What Is Covert Advertising? Definition of Covert Advertising, Covert Advertising Meaning and Concept
Covert advertising is a modality of the standard advertising concept characterized mainly by the placement of messages about a product or a commercial brand within a different space and before the viewer's unconsciousness.
Through this type of advertising, companies manage to position their brands or products in new frameworks far removed from traditional marketing and before new recipient audiences, mostly involuntary.
One of the clearest examples of covert advertising are the brands shown in movies or television series, the clothing brands of actors in the movies, food or vehicles in television series or sports brands in interviews with athletes.
The main motivation of advertising corporations when putting this type of advertising into operation is to attract the public's attention to their products without using the traditional marketing route.
In other words, it is about offering and presenting the benefits of a product without precisely this presentation having the appearance of advertising. This responds to the idea that not all recipients are willing to receive advertising placements or messages at all times.
Main characteristics of surreptitious advertising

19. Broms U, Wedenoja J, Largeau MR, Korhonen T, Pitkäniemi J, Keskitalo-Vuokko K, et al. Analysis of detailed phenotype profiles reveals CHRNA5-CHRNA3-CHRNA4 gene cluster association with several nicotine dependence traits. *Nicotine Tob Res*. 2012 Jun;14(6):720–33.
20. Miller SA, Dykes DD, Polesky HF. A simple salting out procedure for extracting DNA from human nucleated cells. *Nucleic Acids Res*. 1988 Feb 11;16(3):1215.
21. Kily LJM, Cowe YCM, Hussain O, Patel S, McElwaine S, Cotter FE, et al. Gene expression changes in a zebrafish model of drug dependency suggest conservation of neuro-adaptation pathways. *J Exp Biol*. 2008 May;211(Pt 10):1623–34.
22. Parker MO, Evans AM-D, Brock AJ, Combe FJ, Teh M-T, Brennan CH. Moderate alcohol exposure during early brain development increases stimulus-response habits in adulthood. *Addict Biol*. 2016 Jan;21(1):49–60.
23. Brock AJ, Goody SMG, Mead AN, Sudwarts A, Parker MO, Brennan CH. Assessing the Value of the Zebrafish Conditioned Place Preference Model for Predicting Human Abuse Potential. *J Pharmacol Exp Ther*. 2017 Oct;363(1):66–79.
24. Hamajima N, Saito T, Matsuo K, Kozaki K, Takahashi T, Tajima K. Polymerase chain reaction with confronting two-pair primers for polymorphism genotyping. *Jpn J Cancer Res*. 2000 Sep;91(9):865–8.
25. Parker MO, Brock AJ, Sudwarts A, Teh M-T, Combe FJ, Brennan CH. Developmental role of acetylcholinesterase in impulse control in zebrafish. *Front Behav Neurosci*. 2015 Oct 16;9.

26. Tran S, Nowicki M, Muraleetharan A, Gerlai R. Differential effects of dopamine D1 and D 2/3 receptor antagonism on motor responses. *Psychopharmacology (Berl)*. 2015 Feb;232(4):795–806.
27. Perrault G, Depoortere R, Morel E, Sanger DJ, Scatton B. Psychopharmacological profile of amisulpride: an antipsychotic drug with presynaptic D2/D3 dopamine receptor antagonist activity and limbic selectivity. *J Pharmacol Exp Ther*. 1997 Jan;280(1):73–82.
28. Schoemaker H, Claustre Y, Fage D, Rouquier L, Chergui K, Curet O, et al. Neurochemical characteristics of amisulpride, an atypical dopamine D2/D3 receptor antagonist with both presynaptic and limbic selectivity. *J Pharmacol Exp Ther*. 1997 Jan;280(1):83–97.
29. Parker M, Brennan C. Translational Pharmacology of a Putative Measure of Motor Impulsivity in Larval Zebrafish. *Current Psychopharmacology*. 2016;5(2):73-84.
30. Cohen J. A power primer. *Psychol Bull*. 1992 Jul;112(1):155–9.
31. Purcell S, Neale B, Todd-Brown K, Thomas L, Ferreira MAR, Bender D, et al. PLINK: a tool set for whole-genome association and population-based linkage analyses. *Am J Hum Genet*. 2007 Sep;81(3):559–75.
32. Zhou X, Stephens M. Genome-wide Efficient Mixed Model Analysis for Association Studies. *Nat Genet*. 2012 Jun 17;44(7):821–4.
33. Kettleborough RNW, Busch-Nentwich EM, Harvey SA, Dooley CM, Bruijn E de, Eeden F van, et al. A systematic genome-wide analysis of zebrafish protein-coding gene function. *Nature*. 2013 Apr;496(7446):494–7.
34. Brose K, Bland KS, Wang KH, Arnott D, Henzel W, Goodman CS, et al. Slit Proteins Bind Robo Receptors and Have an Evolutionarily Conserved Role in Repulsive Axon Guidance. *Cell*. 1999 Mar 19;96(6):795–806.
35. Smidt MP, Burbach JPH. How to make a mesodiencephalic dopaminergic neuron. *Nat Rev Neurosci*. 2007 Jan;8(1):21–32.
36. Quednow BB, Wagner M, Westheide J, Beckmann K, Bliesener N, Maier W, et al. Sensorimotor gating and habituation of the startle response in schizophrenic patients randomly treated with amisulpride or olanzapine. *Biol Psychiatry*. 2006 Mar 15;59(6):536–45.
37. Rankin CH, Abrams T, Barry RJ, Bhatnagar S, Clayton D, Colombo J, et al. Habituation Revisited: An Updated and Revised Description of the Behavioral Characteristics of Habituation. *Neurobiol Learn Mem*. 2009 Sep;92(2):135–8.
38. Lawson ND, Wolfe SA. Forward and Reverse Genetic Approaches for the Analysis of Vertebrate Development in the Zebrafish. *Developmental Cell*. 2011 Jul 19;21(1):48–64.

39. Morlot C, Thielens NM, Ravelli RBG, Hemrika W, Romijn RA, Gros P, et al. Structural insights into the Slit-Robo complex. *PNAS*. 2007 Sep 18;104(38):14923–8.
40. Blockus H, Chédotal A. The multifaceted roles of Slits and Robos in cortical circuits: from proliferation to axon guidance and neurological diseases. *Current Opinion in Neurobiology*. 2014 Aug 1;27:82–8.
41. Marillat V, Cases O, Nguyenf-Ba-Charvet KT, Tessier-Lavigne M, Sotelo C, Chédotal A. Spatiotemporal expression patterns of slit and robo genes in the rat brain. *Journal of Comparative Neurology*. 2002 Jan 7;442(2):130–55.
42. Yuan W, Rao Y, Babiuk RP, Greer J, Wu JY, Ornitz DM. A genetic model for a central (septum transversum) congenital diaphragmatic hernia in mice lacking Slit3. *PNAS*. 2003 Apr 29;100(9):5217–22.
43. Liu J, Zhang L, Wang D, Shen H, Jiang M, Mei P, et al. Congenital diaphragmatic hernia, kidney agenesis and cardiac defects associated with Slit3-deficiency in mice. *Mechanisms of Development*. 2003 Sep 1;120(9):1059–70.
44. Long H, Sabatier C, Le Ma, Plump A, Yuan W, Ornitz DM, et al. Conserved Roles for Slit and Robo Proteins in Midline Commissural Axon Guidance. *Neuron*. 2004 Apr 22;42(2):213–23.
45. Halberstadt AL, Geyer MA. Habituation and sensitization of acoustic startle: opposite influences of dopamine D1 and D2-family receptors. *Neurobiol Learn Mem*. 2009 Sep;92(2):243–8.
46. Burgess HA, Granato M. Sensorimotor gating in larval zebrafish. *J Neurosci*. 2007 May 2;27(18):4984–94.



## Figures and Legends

This type of advertising has a number of outstanding features:
- The receiver is not aware of the reception of the advertising message.
- The advertising message is transmitted by a third party and not by the brand, creating a lower level of mistrust in the receiver and, therefore, a greater effect.
- These types of practices are prosecuted and legally punished, since they are considered illicit advertising .
Conceptually, this type of advertising is closely related to subliminal advertising , to the point that the latter could be considered an example of a covert message through sensory pathways.
Tools against surreptitious advertising
State and consumer rights organizations use different methods to prosecute and punish this type of practice. In this sense, the law requires that all advertising placement must be duly marked for the viewer's awareness.
However, there are many cases in which this barrier is ignored by brands, which continue to position their messages in the cinema, television, Internet pages, public spaces, etc.